I didn’t climb the Bell Tower (it was either do that or see the museum before both closed). Too bad - this was to be my last nice weather day in Bruges, as it turned out. I saw no point in climbing the tower afterward to take pictures in the rain. I briefly considered taking a canal ride, but there were long lines, and the boats were packed with people. I doubted I would have been able to take decent pictures - better to walk along the canals instead.

    My B&B, Be My Guest, was great. It was cheap, clean, homey, well located on Hoogstraat, and an easy 10 minute walk (at most) to the Markt and the Burg square - or a more picturesque walk along the Dijver canal. The owner was friendly and helpful. It wasn’t warm in May so I kept the windows closed at night, but if it had been warmer, I would have wanted the windows open (no air conditioning), which means street noise from Hoogstraat street. Otherwise, I’d stay here again. It seemed like a bargain and a great experience, so much better than staying in some impersonal hotel..

    I had dinner at a little Italian bistro just up the street from the B&B, next to (and part of) Charlie Rockets, which is an American-themed bar with a hostel upstairs. (The bar didn’t seem cheap despite the hostel atmosphere.) My lasagna was surprisingly good.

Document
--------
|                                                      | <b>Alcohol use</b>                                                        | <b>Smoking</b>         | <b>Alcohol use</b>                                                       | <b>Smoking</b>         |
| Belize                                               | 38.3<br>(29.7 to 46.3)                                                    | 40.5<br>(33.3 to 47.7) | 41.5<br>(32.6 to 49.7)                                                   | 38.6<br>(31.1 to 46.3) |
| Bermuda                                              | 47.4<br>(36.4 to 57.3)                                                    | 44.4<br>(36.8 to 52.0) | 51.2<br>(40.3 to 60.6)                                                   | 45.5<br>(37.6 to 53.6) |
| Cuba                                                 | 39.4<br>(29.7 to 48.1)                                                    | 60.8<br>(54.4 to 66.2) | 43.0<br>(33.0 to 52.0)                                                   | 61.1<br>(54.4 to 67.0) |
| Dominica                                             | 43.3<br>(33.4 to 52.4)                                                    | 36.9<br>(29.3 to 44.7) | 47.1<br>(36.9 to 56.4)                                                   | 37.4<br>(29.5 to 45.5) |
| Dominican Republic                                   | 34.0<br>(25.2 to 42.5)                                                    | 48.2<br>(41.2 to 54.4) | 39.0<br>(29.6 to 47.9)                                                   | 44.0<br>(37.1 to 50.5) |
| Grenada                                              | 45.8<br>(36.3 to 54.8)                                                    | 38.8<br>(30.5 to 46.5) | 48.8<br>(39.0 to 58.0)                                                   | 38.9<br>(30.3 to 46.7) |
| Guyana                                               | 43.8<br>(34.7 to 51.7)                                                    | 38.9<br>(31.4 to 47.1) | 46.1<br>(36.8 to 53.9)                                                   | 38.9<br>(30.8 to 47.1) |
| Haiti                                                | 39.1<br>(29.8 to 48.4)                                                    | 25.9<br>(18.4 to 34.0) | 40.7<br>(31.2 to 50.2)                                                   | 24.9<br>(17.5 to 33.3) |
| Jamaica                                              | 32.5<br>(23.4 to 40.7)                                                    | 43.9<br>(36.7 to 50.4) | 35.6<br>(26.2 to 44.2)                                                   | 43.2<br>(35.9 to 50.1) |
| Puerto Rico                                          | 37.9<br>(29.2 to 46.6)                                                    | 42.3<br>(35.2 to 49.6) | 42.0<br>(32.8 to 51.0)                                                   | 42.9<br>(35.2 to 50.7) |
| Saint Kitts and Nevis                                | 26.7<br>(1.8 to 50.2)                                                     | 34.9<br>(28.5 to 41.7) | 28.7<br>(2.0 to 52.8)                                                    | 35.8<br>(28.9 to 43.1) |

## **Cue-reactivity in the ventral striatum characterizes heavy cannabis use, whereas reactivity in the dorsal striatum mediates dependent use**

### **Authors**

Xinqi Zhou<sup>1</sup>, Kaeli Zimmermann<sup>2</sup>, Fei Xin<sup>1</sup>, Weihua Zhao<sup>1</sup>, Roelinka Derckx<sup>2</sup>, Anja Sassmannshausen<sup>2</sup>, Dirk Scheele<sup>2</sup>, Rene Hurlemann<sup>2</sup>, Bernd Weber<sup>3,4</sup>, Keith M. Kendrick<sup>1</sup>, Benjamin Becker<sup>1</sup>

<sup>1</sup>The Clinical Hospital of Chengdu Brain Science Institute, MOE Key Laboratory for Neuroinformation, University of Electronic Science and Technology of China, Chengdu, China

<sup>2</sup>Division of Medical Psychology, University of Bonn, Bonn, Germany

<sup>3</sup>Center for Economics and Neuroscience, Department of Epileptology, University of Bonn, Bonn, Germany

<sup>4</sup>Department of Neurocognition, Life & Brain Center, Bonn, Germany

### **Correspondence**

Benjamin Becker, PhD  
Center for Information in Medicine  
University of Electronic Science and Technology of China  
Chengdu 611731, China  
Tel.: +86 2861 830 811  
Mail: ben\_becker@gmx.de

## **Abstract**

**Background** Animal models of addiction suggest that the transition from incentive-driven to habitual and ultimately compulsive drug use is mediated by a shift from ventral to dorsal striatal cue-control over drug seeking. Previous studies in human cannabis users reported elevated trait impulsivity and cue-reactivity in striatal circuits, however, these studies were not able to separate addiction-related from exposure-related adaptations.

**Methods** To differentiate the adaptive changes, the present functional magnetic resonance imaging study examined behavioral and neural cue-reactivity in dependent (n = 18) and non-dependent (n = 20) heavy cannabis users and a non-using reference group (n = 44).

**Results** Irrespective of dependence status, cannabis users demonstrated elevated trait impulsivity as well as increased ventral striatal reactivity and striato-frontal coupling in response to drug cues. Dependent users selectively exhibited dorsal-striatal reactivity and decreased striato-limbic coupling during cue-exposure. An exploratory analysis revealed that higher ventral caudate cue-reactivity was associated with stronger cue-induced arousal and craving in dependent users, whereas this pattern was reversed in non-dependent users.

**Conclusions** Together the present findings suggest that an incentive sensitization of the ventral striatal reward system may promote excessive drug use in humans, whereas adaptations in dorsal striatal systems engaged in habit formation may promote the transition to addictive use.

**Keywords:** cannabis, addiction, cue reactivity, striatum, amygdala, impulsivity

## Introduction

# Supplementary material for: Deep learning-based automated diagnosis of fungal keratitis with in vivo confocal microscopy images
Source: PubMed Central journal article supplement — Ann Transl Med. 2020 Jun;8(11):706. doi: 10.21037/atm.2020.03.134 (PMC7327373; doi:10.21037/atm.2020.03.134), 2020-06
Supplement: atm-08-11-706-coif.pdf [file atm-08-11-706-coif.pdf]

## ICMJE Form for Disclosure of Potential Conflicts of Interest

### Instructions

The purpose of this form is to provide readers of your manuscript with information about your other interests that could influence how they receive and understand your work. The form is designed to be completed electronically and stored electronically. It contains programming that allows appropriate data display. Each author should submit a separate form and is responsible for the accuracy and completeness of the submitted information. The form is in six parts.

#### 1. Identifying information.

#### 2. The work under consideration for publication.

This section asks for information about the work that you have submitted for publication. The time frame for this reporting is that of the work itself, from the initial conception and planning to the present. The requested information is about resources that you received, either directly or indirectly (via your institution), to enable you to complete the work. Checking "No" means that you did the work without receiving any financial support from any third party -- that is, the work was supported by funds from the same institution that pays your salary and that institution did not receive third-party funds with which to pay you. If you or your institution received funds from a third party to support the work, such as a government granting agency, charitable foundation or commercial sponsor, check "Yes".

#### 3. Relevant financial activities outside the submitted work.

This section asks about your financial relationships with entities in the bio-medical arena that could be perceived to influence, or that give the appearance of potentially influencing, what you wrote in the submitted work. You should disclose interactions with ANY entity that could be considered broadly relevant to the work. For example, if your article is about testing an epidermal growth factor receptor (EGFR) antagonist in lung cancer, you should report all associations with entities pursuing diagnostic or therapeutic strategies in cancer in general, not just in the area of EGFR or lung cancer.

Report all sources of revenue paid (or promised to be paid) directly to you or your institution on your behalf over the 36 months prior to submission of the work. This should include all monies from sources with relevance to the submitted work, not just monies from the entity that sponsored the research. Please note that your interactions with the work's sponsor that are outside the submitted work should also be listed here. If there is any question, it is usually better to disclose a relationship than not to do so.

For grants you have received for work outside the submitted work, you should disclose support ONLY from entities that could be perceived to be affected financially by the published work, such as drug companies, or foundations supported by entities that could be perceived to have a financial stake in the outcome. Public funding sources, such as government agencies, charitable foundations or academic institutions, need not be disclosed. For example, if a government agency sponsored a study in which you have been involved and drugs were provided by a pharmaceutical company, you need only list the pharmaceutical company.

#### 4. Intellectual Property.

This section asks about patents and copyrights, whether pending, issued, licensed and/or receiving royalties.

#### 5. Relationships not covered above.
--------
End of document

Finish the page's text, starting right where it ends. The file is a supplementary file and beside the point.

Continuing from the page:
The next morning, a Monday, the rain had indeed returned, plus most of the town’s museums were closed. What to do? My original plan had been to spend the whole day in Bruges, maybe take a bus up to Damme (would loved to have biked but I had too much camera stuff). But in the rain - why bother?

    At this point, I decided to spend the day in Ghent instead of spending the following night there - and spend the final two nights in Antwerp, instead. With rain predicted the rest of the week and having already endured spotty weather in France and Luxembourg, I was feeling a bit discouraged and in the mood to cut my losses. Staying at a budget hotel in Antwerp would be cheaper than staying in Ghent.

    I walked from the B&B to the Bruges train station (about 20 minutes) in a slight drizzle, through the Minnewater Park (lake with dozens of swans) and the Begijnhof, a secluded neighborhood reserved historically for “religious young women.” I also passed through Koningin Astridpark, which you might recognize if you are a fan of the film “In Bruges” starring Colin Farrell. (The “suicide scene” takes place there.) I was a fan of the film though I’d wanted to visit Bruges even before I’d seen it years ago. I had a copy of the video on my netbook and watched part of it one night in my B&B - so I could rightly claim I saw “In Bruges” in Bruges - ha ha ha!

    [See below for more on Ghent.]

    I got back from Ghent in the early evening, went back to my B&B to relax before dinner, and when I finally headed back out around 8:30, I was surprised to find many restaurants were closing already. The town suddenly seemed fairly dead on a rainy Monday night compared to the sunny Sunday the day before. I wound up eating at Quick Burger on the Markt square - open til 11, at least! Other than fries and waffles, Bruges isn’t the kind of town where you can find handy take-away food like pizza slices easily like you can in other places. I didn’t feel like hunting for a restaurant that was still open and then wait to be served. So Quick Burger it was.